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CESNUR (Centro Studi sulle Nuove Religioni)
Founded 1988
Founder Massimo Introvigne
Type public non-profit
Purpose "Promote scholarly research in the field of new religious consciousness, and are dedicated to exposing the problems associated with some movements, while defending the principles of religious liberty"
Headquarters Turin, Italy
Services Research,
private persons
Massimo Introvigne
Key people
Luigi Berzano, J. Gordon Melton, Eileen Barker, Massimo Introvigne, Michael Homer, Reender Kranenborg, Gianni Ambrosio
Website .orgcesnur

CESNUR (English: Center for Studies on Turin, Italy. It was established in 1988 by a group of religious scholars from universities in Europe and the Americas, working in the field of new religious movements. Its director is the Italian sociologist and attorney Massimo Introvigne. CESNUR defines itself as being independent of any religious group, church, denomination or association. It has evolved into a network of scholars and organizations who study the field.


  • Aims 1
  • Criticism and response 2
  • References 3
  • External links 4


According to their website, CESNUR is devoted to promoting scholarly research in the field of new religious consciousness, and is dedicated to exposing the problems associated with some movements, while defending the principles of religious liberty.

While established by a group of scholars who were mostly

  • Homepage of CESNUR

External links

  1. ^ a b c Fautré, Willy (2006), "Non-state actors and Religious Freedom in Europe", in Andreopoulos, George J.; Kabasakal Arat, Zehra F.; Juviler, Peter H., Non-state actors in the human rights universe, Kumarian Press,  
  2. ^ Kent, Stephen A. (January 2001). "The French and German versus American debate over 'new religions', Scientology and human rights" (PDF). Marburg Journal of Religion 6 (1).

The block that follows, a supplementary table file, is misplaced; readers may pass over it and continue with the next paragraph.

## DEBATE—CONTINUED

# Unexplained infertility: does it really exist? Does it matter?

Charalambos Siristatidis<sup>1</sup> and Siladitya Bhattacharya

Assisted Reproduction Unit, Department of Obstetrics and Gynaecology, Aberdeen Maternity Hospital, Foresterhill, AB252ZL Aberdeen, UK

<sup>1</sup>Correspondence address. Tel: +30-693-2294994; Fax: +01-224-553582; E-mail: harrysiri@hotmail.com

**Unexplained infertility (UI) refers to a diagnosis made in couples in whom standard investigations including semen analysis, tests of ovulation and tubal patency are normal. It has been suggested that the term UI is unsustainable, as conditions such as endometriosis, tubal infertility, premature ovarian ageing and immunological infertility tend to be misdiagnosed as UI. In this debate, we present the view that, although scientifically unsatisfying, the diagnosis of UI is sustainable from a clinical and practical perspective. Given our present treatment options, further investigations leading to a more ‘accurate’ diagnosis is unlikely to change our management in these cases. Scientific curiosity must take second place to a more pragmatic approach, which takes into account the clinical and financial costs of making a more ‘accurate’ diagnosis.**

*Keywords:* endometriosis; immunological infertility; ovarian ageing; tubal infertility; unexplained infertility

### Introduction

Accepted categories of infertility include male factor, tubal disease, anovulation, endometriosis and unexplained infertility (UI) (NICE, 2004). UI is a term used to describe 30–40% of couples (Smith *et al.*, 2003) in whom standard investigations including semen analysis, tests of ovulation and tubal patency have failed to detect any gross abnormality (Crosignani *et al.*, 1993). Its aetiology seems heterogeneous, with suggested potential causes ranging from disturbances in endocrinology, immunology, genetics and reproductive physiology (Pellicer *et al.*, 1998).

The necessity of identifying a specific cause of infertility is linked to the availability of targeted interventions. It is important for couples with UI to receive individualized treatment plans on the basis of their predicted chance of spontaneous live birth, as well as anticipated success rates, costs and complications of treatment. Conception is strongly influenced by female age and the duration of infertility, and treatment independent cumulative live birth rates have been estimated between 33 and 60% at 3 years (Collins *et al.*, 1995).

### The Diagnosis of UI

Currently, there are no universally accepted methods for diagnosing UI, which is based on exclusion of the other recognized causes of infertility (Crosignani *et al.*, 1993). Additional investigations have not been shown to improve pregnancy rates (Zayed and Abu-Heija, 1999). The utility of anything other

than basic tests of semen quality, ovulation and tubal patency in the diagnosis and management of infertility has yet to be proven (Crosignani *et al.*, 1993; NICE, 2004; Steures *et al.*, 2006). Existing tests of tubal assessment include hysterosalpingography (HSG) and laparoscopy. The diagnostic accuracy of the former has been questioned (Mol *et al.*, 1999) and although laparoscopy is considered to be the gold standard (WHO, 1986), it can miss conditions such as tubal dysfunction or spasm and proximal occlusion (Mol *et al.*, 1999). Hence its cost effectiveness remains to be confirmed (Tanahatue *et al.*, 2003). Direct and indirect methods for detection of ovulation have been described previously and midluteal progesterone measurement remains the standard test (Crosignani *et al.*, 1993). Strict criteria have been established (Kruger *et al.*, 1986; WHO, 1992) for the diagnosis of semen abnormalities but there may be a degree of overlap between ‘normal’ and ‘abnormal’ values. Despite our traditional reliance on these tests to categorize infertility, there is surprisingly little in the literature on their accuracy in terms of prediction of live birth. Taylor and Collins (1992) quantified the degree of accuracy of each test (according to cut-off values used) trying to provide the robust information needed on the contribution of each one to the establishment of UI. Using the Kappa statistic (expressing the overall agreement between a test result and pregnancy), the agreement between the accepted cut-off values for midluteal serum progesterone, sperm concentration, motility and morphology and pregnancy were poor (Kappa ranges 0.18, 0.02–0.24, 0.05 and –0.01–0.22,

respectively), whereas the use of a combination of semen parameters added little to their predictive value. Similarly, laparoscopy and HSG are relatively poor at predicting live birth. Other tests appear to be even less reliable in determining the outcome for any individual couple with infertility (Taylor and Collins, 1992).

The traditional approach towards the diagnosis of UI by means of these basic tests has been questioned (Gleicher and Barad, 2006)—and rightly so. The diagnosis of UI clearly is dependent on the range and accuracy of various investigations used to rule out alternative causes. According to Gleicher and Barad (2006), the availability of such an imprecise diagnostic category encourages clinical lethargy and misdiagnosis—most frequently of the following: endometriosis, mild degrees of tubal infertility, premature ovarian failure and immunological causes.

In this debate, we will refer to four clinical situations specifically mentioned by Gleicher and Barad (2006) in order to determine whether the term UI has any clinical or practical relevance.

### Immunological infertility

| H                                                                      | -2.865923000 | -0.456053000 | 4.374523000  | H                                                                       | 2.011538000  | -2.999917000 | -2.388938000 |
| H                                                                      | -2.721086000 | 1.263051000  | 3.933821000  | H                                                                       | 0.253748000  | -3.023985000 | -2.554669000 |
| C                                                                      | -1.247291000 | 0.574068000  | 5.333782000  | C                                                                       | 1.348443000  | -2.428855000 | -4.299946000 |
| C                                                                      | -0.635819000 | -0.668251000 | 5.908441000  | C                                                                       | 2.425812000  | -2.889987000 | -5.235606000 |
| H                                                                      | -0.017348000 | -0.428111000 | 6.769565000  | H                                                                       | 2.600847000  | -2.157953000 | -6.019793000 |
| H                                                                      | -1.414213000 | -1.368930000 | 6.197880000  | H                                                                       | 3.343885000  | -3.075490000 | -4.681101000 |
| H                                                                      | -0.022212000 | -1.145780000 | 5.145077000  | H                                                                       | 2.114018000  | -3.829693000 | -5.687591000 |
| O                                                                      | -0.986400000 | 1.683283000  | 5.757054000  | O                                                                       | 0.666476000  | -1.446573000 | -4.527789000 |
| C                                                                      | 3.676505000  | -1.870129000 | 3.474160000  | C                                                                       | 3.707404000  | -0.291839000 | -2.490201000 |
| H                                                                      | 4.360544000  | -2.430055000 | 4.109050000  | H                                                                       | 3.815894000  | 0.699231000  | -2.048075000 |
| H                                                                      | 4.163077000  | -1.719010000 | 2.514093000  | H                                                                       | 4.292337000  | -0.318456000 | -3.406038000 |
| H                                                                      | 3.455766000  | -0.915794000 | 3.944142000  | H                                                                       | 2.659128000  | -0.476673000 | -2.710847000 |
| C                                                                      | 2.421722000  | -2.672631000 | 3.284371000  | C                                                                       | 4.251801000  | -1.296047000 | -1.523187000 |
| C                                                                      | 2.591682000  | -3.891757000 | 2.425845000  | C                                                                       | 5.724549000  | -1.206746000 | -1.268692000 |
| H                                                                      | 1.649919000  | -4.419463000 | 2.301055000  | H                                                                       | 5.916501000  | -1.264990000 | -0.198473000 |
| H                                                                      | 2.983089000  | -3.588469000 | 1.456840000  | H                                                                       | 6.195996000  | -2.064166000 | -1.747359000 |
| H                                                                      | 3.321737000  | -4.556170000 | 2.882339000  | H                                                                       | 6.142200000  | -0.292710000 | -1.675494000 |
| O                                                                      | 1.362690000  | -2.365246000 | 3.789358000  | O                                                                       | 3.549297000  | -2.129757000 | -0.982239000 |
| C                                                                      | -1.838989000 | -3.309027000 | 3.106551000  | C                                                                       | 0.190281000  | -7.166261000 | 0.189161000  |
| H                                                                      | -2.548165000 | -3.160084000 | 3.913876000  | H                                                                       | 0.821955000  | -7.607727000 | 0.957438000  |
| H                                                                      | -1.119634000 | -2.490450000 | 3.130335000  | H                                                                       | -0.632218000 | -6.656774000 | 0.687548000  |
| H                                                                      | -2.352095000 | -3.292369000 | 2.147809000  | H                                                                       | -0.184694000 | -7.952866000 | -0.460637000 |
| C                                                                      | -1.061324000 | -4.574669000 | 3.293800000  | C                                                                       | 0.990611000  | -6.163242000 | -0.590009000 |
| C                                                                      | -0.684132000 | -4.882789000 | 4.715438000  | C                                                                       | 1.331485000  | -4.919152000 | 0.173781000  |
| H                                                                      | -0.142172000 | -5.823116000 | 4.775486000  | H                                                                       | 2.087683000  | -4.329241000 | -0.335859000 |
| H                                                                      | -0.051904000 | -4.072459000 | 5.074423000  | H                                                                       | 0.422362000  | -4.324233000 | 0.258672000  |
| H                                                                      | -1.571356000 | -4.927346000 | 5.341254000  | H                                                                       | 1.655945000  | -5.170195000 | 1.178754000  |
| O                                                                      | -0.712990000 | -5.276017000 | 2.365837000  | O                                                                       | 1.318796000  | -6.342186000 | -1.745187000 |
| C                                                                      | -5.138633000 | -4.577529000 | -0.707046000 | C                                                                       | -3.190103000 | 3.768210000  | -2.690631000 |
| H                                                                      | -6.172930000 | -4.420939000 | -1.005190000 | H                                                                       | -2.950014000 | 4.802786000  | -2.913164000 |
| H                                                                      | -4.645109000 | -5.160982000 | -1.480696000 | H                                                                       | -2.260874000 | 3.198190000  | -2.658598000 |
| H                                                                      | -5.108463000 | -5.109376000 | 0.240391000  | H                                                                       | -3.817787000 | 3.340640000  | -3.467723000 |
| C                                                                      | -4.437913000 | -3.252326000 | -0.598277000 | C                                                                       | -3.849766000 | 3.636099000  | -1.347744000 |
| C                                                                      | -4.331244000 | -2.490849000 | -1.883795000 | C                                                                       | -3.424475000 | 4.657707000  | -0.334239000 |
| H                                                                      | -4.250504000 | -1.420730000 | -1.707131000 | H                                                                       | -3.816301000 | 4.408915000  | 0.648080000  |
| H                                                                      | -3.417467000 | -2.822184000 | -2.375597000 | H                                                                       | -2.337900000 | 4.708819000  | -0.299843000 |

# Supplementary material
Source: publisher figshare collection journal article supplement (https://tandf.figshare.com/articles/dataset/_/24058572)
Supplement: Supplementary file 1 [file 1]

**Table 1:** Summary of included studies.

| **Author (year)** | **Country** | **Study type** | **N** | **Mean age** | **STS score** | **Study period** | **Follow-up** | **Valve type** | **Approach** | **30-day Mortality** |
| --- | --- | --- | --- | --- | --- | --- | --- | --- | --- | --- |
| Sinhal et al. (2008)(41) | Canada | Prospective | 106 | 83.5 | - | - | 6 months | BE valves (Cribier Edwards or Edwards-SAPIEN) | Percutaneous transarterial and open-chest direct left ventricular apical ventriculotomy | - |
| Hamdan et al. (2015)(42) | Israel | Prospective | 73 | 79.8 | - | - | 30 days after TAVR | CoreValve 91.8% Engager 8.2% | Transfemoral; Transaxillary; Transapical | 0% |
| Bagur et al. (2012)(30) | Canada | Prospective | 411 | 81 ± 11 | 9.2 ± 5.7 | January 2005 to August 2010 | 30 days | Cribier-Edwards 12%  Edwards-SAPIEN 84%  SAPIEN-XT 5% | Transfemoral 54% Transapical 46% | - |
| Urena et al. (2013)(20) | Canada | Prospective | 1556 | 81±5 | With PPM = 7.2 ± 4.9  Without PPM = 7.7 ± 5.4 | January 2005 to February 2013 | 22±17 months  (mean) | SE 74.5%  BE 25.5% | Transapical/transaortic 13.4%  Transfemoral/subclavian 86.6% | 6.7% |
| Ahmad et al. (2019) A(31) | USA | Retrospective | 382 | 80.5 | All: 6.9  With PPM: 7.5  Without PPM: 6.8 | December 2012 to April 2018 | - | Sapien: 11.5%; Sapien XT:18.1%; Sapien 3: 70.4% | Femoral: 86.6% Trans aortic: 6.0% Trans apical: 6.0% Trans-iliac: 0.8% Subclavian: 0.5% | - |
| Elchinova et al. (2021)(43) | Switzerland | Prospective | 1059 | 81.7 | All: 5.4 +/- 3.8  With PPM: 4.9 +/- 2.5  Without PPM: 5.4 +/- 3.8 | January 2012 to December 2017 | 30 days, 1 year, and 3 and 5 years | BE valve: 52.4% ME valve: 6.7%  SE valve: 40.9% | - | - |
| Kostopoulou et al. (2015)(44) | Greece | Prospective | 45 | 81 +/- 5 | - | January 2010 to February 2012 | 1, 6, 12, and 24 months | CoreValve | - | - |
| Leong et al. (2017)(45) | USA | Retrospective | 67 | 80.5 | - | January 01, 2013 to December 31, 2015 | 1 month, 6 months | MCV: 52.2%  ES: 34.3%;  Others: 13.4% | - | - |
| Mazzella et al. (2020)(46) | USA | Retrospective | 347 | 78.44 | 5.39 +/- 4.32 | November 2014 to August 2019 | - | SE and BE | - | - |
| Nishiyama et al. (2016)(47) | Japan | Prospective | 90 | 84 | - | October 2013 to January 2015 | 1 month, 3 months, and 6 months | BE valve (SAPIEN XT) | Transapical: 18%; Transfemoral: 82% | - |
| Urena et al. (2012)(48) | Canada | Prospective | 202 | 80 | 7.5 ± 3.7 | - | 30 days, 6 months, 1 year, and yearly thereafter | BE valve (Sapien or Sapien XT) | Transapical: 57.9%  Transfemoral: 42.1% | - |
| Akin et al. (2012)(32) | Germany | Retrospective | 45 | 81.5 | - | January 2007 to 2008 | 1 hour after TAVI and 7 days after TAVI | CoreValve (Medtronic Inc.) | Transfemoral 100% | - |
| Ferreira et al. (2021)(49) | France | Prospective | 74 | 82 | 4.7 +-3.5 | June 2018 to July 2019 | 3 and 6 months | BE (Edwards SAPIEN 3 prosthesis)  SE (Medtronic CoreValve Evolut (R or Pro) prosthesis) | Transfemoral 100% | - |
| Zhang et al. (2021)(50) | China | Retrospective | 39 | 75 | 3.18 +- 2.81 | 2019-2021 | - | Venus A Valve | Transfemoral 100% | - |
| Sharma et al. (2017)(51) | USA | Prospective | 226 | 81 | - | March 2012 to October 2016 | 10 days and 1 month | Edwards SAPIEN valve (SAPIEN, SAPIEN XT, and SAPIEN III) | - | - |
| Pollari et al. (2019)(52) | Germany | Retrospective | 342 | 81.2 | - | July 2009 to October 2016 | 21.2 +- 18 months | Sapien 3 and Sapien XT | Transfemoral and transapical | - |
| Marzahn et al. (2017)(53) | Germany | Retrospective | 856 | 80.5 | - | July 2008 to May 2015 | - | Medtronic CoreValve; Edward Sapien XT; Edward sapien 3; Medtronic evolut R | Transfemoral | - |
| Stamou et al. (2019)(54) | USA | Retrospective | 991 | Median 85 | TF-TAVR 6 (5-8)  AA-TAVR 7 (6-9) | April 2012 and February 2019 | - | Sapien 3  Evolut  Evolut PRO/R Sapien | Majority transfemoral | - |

3. ^ "Brainwashing" in New Religious Movements, by Alberto Amitrani and Raffaella Di Marzio, from the Roman seat of G.R.I.S., April, 1998.
  4. ^ Le religioni in Italia: Alcune osservazioni metodologiche
  5. ^ European Federation of Research and Information Centres on Sectarism (FECRIS): request for consultative status with the Council of Europe
  6. ^ CESNUR - Blacklisting or Greenlisting? A European Perspective on the New Cult Wars


[6] Introvigne responded by claiming that the anti-cult movement have accused CESNUR of being a front for "Freemasonry, a "Methodist cult", the Roman Catholic Church and a number of Catholic organizations, including

In an official OSCE report, Dick Marty, Swiss senator and member of the OECD Committee on Legal Affairs and Human Rights, answered criticism by Introvigne, who was himself an official Rapporteur at the OCSE conference held in Vienna on March 22, 1999: "The CESNUR report misrepresents the contents of the "Regards sur" newsletter: taking everything into account, there is insufficient credible evidence for the allegations to be made out. As to the CESNUR document and in the absence of corroborative material, the Rapporteur views its credibility in the light of his conclusions on the partial and misleading report of the Beijing Conference."[5]

Scholars and anti-cultists Stephen A. Kent and Raffaella Di Marzio consider CESNUR's representation of the brainwashing controversy one-sided, polemical and sometimes without scholarly value.[2][3] Di Marzio is listed among the contributors of the CESNUR online encyclopedia "Religions in Italy".[4]

CESNUR has been criticized by the cults.

Criticism and response

CESNUR-affiliated scholars include:

CESNUR sponsor yearly conferences in the field of new religions. Conferences have been held inter alia at the London School of Economics (1993 and 2001), the Federal University of Pernambuco in Recife, Brazil (1994), the Sapienza University of Rome (1995), the Université de Montréal (1996), the Free university of Amsterdam (1997), the Industrial Union in Turin (1998), the Bryn Athyn College in Pennsylvania (1999), the University of Latvia in Riga (2000), the University of Utah and Brigham Young University (2002), and the University of Vilnius (2003).

CESNUR is critical of concepts like mind control, thought reform and brainwashing, asserting that they lack scientific and scholarly support and are mainly based on anecdotal evidence. They do not believe that all religious movements are benign but oppose special laws against religious movements.

[1] Other sources of income include book royalties and member contributions.[1]

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